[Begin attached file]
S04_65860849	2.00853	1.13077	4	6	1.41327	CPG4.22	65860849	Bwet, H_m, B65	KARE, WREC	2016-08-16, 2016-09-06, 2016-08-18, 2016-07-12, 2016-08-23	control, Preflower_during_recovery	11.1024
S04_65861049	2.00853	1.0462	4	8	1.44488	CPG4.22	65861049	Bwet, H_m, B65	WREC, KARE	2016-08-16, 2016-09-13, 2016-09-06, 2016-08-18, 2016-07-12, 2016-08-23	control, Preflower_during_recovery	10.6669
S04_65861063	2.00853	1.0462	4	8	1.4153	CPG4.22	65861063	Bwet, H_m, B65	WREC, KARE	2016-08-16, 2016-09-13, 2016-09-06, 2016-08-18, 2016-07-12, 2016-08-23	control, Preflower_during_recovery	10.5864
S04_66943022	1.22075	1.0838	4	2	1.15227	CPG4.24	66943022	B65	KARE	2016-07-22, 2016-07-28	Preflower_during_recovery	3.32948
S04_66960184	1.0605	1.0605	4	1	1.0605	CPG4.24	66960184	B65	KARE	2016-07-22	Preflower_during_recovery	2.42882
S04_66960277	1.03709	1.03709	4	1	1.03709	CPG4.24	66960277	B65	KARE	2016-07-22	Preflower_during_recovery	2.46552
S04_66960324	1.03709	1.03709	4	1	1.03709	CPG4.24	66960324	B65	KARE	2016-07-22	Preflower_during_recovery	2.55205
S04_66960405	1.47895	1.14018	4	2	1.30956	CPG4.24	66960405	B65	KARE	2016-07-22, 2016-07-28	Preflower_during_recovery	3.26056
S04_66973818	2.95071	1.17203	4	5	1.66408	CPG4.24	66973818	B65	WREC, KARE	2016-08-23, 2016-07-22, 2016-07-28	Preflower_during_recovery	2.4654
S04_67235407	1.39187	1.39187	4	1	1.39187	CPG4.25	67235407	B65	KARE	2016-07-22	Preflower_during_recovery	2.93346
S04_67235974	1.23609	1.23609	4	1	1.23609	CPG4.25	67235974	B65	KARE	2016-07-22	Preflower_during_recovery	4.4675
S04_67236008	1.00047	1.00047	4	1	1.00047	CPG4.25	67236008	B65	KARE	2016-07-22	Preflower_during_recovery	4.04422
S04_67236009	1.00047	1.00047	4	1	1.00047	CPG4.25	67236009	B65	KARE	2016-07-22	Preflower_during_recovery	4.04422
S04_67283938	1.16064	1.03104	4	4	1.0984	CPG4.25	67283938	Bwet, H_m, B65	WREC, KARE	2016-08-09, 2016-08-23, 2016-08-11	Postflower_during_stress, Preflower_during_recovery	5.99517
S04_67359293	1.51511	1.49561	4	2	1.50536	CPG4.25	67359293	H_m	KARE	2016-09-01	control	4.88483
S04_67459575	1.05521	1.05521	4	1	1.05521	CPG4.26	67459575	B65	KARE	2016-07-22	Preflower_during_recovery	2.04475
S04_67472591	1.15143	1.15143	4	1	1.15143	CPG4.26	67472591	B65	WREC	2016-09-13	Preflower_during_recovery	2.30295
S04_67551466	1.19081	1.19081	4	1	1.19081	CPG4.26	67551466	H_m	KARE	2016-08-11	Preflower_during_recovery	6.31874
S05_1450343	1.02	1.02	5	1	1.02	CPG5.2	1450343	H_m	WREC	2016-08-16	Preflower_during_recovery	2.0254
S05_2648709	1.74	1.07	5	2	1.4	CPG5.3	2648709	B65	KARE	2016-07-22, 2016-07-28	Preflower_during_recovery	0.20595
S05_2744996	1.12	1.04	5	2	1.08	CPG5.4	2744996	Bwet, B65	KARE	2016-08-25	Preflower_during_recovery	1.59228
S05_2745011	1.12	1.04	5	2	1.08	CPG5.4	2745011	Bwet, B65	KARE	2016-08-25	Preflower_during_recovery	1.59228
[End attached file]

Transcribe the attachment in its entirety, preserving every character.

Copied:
S04_65860849	2.00853	1.13077	4	6	1.41327	CPG4.22	65860849	Bwet, H_m, B65	KARE, WREC	2016-08-16, 2016-09-06, 2016-08-18, 2016-07-12, 2016-08-23	control, Preflower_during_recovery	11.1024
S04_65861049	2.00853	1.0462	4	8	1.44488	CPG4.22	65861049	Bwet, H_m, B65	WREC, KARE	2016-08-16, 2016-09-13, 2016-09-06, 2016-08-18, 2016-07-12, 2016-08-23	control, Preflower_during_recovery	10.6669
S04_65861063	2.00853	1.0462	4	8	1.4153	CPG4.22	65861063	Bwet, H_m, B65	WREC, KARE	2016-08-16, 2016-09-13, 2016-09-06, 2016-08-18, 2016-07-12, 2016-08-23	control, Preflower_during_recovery	10.5864
S04_66943022	1.22075	1.0838	4	2	1.15227	CPG4.24	66943022	B65	KARE	2016-07-22, 2016-07-28	Preflower_during_recovery	3.32948
S04_66960184	1.0605	1.0605	4	1	1.0605	CPG4.24	66960184	B65	KARE	2016-07-22	Preflower_during_recovery	2.42882
S04_66960277	1.03709	1.03709	4	1	1.03709	CPG4.24	66960277	B65	KARE	2016-07-22	Preflower_during_recovery	2.46552
S04_66960324	1.03709	1.03709	4	1	1.03709	CPG4.24	66960324	B65	KARE	2016-07-22	Preflower_during_recovery	2.55205
S04_66960405	1.47895	1.14018	4	2	1.30956	CPG4.24	66960405	B65	KARE	2016-07-22, 2016-07-28	Preflower_during_recovery	3.26056
S04_66973818	2.95071	1.17203	4	5	1.66408	CPG4.24	66973818	B65	WREC, KARE	2016-08-23, 2016-07-22, 2016-07-28	Preflower_during_recovery	2.4654
S04_67235407	1.39187	1.39187	4	1	1.39187	CPG4.25	67235407	B65	KARE	2016-07-22	Preflower_during_recovery	2.93346
S04_67235974	1.23609	1.23609	4	1	1.23609	CPG4.25	67235974	B65	KARE	2016-07-22	Preflower_during_recovery	4.4675
S04_67236008	1.00047	1.00047	4	1	1.00047	CPG4.25	67236008	B65	KARE	2016-07-22	Preflower_during_recovery	4.04422
S04_67236009	1.00047	1.00047	4	1	1.00047	CPG4.25	67236009	B65	KARE	2016-07-22	Preflower_during_recovery	4.04422
S04_67283938	1.16064	1.03104	4	4	1.0984	CPG4.25	67283938	Bwet, H_m, B65	WREC, KARE	2016-08-09, 2016-08-23, 2016-08-11	Postflower_during_stress, Preflower_during_recovery	5.99517
S04_67359293	1.51511	1.49561	4	2	1.50536	CPG4.25	67359293	H_m	KARE	2016-09-01	control	4.88483
S04_67459575	1.05521	1.05521	4	1	1.05521	CPG4.26	67459575	B65	KARE	2016-07-22	Preflower_during_recovery	2.04475
S04_67472591	1.15143	1.15143	4	1	1.15143	CPG4.26	67472591	B65	WREC	2016-09-13	Preflower_during_recovery	2.30295
S04_67551466	1.19081	1.19081	4	1	1.19081	CPG4.26	67551466	H_m	KARE	2016-08-11	Preflower_during_recovery	6.31874
S05_1450343	1.02	1.02	5	1	1.02	CPG5.2	1450343	H_m	WREC	2016-08-16	Preflower_during_recovery	2.0254
S05_2648709	1.74	1.07	5	2	1.4	CPG5.3	2648709	B65	KARE	2016-07-22, 2016-07-28	Preflower_during_recovery	0.20595
S05_2744996	1.12	1.04	5	2	1.08	CPG5.4	2744996	Bwet, B65	KARE	2016-08-25	Preflower_during_recovery	1.59228
S05_2745011	1.12	1.04	5	2	1.08	CPG5.4	2745011	Bwet, B65	KARE	2016-08-25	Preflower_during_recovery	1.59228